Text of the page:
Wing Chun Flightpaths


Take offs and landings

(Photo by Daniel Eleut)


Often in Wing Chun, for a technique to work at its best it needs to flow, and flow smoothly, such as a Bong, Lap, Fak Sau in Chi Sau or a perfectly executed (in class anyway) Tan Da, and this can be seen best when we take this view with a Pak Sau or a Lap Sau.


When we look at the use of a Lap Sau there are several factors we need to take into consideration, starting with when and why we chose to use this in the first place.

It is very easy for someone to say, “A Lap Sau would never work against my jab”, and this is true, and, this is also the reason why we wouldn’t do it!


Although this is not to say that we wouldn’t try it?

Let me go into a little more detail of that statement…


Firstly, when I said, ‘when and why we chose to use this’, I am referring to the fact that a Lap (in my opinion) is better suited to the slower attack, such as against somebody going for a grab or a push let’s say (and we’ll come back to this in a moment too), but if you went for the Lap and your attacker suddenly drew their hand back, THIS would be the action of a jab, therefore causing you to miss the hold and be unsuccessful with your initial Lap.


Answering the statement:

“A Lap Sau would never work against my jab”


BUT, you did not do a Lap against a jab, and that is my point, because remember this, none of the techniques in Wing Chun have names, they are all merely descriptions of something that has just happened.


Looking at the sequence of events that have just taken place…

A hand came toward you and you tried to grab it – this could be described as potentially being a push and a Lap.


Because the hand was suddenly pulled away and your defence became one of a deflection rather than a grab – this now sees the attack described as a jab and the defence described as deflected with a Biu.


In simple terms, if you did not Lap it, do not try to call it a Lap.

This again is also reason why I say, we wouldn’t do it!


Going back to my earlier comment:

‘A Lap (in my opinion) is better suited to the slower move,

Such as against somebody going for a grab or a push’.


In this case, when an arm is in motion toward you, the technique of a Lap, is one of redirection and should flow in such a manner.

If your application of this move was to suddenly try to rag your opponents arm down to the ground, you would probably find yourself nursing a head-butt.

If you were to suddenly to attempt redirecting your opponents arm on a ninety degree angle, you would see your attackers body falling directly on top of you due to the momentum of his mass.


As mentioned at the start of this post, there are several factors to a successful Lap:


The Lap itself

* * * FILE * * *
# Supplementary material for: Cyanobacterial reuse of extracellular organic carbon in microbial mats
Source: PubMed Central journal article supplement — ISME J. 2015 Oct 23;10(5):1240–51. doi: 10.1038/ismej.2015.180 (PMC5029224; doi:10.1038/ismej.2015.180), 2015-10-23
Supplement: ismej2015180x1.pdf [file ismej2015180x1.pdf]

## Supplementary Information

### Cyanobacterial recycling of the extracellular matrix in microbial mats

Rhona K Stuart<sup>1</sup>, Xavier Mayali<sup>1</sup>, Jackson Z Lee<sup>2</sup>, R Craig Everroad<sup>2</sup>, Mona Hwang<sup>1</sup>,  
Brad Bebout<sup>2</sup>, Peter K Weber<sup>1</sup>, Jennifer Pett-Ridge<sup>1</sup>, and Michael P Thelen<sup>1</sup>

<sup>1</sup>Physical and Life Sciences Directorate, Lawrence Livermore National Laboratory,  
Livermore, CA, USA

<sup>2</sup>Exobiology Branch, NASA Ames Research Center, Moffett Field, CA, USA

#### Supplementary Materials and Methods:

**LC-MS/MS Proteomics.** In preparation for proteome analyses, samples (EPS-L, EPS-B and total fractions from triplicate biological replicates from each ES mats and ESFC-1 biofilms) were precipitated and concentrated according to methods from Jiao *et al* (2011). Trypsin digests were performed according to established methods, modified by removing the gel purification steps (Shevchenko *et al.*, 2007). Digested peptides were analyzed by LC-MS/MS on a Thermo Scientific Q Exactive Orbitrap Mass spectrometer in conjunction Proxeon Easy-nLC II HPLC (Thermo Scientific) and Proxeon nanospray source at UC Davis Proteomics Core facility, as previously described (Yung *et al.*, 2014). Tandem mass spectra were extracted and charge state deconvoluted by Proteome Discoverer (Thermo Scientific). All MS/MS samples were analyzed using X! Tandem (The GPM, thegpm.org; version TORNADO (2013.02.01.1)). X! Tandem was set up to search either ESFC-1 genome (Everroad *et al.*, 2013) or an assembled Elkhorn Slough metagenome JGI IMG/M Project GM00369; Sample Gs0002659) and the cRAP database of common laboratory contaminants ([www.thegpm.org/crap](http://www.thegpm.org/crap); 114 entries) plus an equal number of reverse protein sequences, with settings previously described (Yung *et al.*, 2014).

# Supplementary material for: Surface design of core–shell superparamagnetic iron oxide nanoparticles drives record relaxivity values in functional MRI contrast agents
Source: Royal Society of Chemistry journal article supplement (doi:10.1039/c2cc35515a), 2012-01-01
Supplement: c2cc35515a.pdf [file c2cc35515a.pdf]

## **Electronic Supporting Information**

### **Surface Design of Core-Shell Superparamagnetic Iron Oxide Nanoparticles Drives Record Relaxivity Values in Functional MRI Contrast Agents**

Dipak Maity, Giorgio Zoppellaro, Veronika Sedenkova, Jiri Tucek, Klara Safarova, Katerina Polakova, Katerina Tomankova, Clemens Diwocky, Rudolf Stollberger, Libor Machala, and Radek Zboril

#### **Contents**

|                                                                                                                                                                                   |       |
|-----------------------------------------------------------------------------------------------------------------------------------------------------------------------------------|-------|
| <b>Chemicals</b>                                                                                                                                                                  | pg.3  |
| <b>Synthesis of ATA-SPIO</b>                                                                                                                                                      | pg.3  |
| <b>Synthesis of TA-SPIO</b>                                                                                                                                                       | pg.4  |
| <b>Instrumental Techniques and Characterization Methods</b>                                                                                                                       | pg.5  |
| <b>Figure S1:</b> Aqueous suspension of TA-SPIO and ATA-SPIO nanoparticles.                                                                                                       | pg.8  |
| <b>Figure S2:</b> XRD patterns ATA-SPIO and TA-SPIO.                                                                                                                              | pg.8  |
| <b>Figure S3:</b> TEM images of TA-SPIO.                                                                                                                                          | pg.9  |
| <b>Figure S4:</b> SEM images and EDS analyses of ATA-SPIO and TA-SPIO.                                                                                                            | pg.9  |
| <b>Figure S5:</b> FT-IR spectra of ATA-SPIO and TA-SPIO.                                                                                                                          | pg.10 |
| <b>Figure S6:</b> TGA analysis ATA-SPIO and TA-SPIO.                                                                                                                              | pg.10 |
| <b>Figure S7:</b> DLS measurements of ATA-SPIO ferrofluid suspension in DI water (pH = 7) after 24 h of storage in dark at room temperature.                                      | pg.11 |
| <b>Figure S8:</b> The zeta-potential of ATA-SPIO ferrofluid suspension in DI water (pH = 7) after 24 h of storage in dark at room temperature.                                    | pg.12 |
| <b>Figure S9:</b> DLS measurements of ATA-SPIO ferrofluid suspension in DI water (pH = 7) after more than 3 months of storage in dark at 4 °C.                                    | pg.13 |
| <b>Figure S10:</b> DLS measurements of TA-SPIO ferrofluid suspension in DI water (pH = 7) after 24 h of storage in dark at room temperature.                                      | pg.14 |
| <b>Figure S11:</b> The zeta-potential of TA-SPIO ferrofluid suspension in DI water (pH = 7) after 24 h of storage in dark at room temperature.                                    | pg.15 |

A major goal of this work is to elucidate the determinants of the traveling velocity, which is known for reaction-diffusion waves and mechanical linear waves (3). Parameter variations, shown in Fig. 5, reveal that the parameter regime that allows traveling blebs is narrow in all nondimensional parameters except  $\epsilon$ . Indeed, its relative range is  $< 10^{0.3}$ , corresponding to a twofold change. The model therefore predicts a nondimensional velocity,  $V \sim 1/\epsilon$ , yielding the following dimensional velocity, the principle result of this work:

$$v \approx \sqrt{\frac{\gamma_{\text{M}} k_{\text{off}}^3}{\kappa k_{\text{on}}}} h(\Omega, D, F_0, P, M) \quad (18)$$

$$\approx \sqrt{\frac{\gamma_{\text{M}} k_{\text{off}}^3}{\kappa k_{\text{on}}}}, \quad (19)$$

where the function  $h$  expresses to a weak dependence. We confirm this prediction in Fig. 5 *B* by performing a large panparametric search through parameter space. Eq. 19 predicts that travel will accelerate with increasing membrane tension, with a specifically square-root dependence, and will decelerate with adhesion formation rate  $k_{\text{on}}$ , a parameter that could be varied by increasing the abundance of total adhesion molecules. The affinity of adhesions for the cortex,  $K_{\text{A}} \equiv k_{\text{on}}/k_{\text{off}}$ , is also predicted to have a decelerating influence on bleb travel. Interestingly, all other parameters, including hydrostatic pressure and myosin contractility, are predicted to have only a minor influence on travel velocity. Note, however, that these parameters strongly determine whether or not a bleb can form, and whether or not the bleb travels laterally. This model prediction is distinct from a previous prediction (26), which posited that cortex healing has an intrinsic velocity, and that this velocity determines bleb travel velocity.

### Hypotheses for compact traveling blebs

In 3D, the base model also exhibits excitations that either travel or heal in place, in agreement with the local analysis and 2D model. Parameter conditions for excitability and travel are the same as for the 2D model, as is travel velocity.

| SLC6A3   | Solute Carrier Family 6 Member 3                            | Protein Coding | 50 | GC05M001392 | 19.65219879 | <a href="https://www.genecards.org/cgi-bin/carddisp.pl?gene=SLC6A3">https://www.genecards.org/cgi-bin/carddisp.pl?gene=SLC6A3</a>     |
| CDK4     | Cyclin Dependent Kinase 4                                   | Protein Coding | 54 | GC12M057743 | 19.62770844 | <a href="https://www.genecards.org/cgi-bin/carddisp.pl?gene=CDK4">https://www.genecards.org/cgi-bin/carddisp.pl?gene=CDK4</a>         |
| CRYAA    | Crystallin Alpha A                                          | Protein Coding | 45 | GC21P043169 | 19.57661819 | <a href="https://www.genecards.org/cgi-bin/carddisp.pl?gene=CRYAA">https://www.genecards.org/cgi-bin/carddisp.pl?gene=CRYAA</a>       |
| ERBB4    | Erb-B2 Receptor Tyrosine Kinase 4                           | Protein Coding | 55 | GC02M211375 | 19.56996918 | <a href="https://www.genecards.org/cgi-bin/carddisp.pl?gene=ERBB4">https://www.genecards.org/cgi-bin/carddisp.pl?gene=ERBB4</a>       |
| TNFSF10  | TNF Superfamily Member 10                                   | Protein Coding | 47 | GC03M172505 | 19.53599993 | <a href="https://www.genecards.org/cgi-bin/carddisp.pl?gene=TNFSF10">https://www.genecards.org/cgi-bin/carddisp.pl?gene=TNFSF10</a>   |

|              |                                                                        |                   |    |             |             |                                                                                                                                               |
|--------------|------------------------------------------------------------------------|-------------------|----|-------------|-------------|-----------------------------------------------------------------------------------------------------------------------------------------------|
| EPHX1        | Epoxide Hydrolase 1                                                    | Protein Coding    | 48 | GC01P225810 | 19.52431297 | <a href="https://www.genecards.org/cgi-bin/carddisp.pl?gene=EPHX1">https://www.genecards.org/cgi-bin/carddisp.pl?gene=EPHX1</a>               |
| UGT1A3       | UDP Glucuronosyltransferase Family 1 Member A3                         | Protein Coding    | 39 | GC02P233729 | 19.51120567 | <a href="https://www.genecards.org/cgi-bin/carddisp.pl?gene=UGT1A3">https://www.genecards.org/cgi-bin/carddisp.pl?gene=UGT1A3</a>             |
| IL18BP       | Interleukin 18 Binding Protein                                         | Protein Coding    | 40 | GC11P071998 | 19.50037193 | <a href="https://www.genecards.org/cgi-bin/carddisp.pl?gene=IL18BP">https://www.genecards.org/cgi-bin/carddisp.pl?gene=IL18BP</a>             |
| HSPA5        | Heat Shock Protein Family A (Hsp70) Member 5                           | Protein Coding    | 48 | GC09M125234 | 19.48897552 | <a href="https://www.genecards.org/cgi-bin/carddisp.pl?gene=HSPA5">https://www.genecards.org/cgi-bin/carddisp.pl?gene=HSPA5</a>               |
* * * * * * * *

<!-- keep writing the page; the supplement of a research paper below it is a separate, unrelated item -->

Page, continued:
The turn

The drop in your stance


Using all three of these at the same time will make your Lap three times as powerful, or, a third of the effort, and added to this, timing and correct redirection.


“So what has all this got to do with an aeroplane?”


Well, a well executed Lap is just like watching the smooth landing of a plane, too sharp an angle and you land very hard or you crash, too long of an angle and you run out a landing strip… and you crash.


Correct timing is always preferred

(Photo by Joey Nicotra)


Moving on to a Pak Sau then, with the same idea, this should be thought of as a plane taking off, and not doing so until you have enough speed making it safe to do so.


To explain this best we need to look at the two Paks in Siu Lim Tau and their following palm strikes.


After the third Fook Sau in the first section, we close this piece with an inside Pak and a Jic Jern (straight palm), the reason for this being that if we have just defended an attack by taking the inside of our opponents hand, a second strike may well follow, using the straight palm enables us to have some cover with the elbow being out to the side (Of course a Fak Sau would also be successful but let’s just stick with the moves from the Form, oh and using a side palm would cause the elbow to be tucked in and therefore have no contact with that second potential attack).


At the start of the third section of Siu Lim Tau we are using an outside Pak, with contact being made further away from us and on the outside of our attackers arm, this is then followed with a Wan Jern (side palm), the reason for this being that we keep SOME contact with our opponents arm as we set off for the counterattack (oh and using a straight palm here would result in you losing this contact immediately, possibly leaving you open).


It is with this technique that many beginners (and the experienced) find a common issue, saying that when they try to hit with the side palm, the opponents shoulder gets in their way?


The answer to this problem?

Lift off!


The idea of keeping contact with your opponents arm is only meant as an initial guide as you set off, and not to be used throughout the entire counterattack.

If when you begin this counter, and you feel it is safe to continue, then do so, lift off of the attackers arm and onward to your intended target, WE HAVE LIFT OFF!

But if you feel force pressing toward you then you would leave that idea in favour of a different counter, remembering to, ‘Never do anything you cannot recover from’, and aborting the take off.


So there we have it, the aeronautics of Wing Chun, showing a Pak Sau like that of a successful take off and a Lap Sap, like that of a successful landing.


Ask any pilot what they would consider a good landing and they will always give you the same answer:


“A good landing is any one you can walk away from.”


The same could be said for a fight too could it not?

Happy flying everyone!

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